Best RSI Indicator Settings

Best RSI Indicator Settings
Best RSI Indicator Settings

What is RSI (Relative Strength Index)?

The Relative Strength Index (RSI) is a momentum oscillator used in the field of forex trading to assess the speed and change of price movements. Developed by J. Welles Wilder, RSI is a technical indicator that measures the magnitude of recent price changes to evaluate overbought or oversold conditions in a currency pair.

RSI is typically displayed as an oscillating line on a scale ranging from 0 to 100, with the common benchmark levels being 70 and 30. Traders use RSI to identify potential trend reversals and to gauge the strength of a prevailing trend. When the RSI surpasses the 70 level, it suggests that the market may be overbought, and a reversal or correction could be imminent. Conversely, an RSI reading below 30 indicates potential oversold conditions, suggesting a potential upward reversal.

Relative Strenght Index (RSI)
Relative Strenght Index (RSI)

Calculation of RSI

  • The RSI is calculated using the formula: RSI = 100 – [100 / (1 + RS)], where RS (Relative Strength) is the average gain divided by the average drawdown over a specified period.
  • Common default periods for RSI calculations are 14, indicating the number of price bars considered in the calculation.

Interpreting RSI Levels

  • Overbought Conditions (RSI > 70): When the RSI surpasses the 70 level, it signals that the market might be overbought. Traders interpret this as a potential indication that the currency pair could experience a reversal or correction.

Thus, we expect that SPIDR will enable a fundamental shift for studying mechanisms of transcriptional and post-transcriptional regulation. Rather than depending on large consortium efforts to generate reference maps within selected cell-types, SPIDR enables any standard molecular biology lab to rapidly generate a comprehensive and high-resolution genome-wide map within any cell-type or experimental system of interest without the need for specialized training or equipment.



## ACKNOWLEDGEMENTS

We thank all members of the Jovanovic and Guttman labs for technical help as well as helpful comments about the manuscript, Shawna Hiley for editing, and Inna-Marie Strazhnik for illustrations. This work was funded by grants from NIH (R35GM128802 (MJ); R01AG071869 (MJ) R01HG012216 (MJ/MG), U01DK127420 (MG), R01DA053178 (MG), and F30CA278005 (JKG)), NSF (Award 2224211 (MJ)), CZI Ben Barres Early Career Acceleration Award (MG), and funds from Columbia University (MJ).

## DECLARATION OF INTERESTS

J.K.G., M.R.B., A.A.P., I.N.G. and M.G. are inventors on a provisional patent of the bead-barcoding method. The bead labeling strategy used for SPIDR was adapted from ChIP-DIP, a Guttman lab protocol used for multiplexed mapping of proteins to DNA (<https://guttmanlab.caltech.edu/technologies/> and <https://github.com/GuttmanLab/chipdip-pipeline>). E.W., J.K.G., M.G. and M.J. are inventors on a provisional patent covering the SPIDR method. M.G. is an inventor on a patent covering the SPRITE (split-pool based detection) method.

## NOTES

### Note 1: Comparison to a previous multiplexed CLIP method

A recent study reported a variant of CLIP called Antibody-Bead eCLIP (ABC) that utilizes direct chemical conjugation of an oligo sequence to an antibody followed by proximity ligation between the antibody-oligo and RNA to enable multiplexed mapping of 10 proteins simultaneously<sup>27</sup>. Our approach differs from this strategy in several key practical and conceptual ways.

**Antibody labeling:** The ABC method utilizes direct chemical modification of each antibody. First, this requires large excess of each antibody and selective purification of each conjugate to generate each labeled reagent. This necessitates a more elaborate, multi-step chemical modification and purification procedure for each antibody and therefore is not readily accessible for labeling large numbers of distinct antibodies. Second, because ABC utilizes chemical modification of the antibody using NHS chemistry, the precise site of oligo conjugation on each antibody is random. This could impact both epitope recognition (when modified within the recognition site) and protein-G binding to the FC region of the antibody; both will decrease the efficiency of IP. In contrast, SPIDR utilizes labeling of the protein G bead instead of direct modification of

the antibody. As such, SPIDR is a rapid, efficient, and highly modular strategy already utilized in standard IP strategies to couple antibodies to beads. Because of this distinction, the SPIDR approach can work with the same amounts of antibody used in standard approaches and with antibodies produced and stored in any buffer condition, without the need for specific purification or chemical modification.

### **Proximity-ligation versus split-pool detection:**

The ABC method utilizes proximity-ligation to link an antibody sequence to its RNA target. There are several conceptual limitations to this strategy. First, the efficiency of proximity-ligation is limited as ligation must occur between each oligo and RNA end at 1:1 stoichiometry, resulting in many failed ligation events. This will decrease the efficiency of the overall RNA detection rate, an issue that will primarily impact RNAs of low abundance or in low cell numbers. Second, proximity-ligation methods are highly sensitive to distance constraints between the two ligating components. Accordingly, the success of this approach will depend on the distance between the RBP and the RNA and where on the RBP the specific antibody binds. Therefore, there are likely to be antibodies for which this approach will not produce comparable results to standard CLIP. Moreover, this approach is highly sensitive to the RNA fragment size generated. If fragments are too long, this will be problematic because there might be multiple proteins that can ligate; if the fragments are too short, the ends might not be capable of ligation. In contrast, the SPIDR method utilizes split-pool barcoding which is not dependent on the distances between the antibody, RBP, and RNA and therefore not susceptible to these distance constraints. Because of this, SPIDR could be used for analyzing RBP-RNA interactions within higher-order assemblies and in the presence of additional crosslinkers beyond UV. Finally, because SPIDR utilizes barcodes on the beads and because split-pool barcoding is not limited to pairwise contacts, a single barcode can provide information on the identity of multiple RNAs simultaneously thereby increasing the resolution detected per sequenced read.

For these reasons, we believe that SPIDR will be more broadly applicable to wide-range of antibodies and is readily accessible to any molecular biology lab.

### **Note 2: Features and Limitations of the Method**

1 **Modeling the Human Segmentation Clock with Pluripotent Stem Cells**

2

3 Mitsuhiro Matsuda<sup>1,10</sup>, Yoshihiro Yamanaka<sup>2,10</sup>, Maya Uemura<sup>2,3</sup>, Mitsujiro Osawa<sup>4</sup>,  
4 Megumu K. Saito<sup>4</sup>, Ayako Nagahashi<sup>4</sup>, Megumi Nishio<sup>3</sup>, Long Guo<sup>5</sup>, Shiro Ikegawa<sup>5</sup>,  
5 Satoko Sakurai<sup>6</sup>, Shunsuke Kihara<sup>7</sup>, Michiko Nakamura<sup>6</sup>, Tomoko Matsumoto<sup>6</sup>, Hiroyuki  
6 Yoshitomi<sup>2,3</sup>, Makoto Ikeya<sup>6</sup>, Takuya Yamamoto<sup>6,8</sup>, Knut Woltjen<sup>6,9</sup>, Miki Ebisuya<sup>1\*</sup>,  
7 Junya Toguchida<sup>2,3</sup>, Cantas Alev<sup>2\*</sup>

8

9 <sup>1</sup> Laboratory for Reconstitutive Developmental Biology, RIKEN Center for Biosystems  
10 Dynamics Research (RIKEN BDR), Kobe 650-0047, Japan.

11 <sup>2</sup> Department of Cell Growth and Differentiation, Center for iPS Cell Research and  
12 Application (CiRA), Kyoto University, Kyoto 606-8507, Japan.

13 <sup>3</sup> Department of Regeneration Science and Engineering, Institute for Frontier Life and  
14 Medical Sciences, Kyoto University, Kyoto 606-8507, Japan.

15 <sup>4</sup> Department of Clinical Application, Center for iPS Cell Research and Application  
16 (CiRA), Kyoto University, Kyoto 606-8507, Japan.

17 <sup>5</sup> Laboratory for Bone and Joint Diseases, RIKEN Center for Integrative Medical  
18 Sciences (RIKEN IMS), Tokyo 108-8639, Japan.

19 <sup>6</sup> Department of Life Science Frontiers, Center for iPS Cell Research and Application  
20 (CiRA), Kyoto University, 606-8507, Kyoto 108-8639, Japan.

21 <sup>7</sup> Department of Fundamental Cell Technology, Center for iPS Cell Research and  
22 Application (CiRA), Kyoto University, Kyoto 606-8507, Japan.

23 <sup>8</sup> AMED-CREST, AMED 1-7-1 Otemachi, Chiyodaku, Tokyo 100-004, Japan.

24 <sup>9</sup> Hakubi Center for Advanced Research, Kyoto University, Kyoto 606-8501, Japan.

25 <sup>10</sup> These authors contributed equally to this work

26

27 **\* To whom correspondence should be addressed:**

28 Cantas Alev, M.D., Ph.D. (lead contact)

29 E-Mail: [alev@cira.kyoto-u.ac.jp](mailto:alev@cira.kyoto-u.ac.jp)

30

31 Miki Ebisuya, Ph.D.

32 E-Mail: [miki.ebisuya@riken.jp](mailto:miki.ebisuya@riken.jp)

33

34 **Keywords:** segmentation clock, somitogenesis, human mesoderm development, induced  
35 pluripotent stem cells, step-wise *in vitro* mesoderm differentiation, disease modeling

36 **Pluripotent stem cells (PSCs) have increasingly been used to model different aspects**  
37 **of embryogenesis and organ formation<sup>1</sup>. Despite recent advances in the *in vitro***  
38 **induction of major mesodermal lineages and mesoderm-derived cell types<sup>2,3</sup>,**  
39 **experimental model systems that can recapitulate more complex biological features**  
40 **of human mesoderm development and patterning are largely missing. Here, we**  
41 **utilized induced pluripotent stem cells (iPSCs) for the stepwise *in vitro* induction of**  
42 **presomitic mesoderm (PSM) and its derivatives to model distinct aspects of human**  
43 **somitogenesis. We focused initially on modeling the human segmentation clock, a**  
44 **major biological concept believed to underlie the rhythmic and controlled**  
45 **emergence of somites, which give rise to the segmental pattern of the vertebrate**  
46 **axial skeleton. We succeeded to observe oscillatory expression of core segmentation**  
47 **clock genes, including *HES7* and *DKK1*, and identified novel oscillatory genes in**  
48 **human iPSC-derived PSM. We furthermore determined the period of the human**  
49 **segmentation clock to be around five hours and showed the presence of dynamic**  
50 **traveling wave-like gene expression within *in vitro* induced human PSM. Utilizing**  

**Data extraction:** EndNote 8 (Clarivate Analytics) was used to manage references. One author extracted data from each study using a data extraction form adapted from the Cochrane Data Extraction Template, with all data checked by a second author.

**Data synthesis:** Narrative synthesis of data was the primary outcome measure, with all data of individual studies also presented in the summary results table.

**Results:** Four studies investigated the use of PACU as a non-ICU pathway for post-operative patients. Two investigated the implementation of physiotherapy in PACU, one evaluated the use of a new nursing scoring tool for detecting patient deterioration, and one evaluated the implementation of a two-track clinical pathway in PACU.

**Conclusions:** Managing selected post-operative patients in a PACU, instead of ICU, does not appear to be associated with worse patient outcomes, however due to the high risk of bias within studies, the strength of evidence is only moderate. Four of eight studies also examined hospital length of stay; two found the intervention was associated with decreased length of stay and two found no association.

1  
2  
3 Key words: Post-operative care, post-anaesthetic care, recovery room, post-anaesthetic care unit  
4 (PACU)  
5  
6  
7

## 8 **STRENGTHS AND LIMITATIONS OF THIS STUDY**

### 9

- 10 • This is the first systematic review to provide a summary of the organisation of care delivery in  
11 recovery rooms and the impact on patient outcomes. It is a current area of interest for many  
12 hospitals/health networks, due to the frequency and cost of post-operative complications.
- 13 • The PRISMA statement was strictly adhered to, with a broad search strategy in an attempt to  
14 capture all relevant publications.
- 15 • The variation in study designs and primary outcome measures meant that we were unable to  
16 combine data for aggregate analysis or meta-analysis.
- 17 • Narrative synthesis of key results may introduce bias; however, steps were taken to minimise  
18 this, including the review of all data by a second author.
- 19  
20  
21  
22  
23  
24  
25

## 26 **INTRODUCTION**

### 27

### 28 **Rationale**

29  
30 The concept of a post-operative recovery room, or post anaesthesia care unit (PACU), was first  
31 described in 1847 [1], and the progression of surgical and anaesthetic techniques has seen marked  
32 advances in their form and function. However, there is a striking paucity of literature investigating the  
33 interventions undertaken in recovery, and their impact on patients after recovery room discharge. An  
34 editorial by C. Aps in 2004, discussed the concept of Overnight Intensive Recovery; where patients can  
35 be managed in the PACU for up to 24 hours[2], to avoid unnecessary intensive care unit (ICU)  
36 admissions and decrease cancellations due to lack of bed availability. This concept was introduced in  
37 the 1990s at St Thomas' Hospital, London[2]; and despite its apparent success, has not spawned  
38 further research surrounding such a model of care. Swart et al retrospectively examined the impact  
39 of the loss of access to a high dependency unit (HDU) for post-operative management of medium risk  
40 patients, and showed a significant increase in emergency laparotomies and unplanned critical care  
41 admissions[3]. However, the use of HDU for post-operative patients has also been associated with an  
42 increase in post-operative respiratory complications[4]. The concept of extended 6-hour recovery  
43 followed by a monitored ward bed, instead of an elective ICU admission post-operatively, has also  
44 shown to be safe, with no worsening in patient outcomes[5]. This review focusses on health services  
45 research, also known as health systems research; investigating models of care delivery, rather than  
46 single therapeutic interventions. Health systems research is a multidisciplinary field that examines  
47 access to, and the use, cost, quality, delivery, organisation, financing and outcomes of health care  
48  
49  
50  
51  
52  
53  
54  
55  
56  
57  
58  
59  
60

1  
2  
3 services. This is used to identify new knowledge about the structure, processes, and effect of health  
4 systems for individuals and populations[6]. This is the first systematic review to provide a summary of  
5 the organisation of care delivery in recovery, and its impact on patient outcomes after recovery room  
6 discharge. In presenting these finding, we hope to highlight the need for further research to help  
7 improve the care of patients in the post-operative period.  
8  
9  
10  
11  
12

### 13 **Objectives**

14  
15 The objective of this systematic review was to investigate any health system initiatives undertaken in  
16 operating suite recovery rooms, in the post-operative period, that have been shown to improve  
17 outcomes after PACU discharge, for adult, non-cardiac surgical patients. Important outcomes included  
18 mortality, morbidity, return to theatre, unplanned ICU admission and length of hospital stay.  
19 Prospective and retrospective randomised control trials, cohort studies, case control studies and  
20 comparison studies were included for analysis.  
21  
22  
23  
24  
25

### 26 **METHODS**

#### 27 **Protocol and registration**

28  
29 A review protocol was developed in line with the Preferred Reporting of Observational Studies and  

• Oversold Conditions (RSI < 30): Conversely, an RSI reading below 30 suggests potential oversold conditions. Traders may view this as a signal that the currency pair could be due for an upward reversal.

Trend Confirmation and Divergence

Center Line Crossovers

The 50 level on the RSI serves as the center line. Crossovers above 50 try to suggest bullish momentum, while crossovers below 50 indicate bearish momentum. Traders often use these crossovers to confirm trend direction.

Distinguishing Strong Trends from Weak Trend

In a strong uptrend, RSI tends to remain in the upper part of the scale, typically above 50. In a strong downtrend, it remains below 50. This feature tries to help traders gauge the strength of the prevailing trend.

Best RSI Indicator Settings

Best RSI Indicator Settings - Levels
Best RSI Indicator Settings – Levels

The choice of the best Relative Strength Index (RSI) settings depends on various factors, including the trader’s preferred trading style, time frame, and the specific currency pairs being analyzed. Here’s a detailed exploration of considerations for selecting RSI indicator settings in the context of forex trading:


Default Settings and Common Practice

The default RSI setting, as introduced by its creator J. Welles Wilder, is often 14 periods. This means that the RSI is calculated based on the average of the last 14 price bars.

Short-Term vs. Long-Term Analysis

  • Short-Term Trading (Intraday): Traders engaging in short-term, intraday trading may opt for lower RSI periods (e.g., 9 or 5) to capture more immediate price changes and identify overbought or oversold conditions in shorter time frames
  • Long-Term Trading (Swing or Positional): For traders focusing on longer-term trends and swing trading, using higher RSI periods (e.g., 20 or 25) can try to help filter out short-term fluctuations and provide a broader perspective on the market.

Volatility Considerations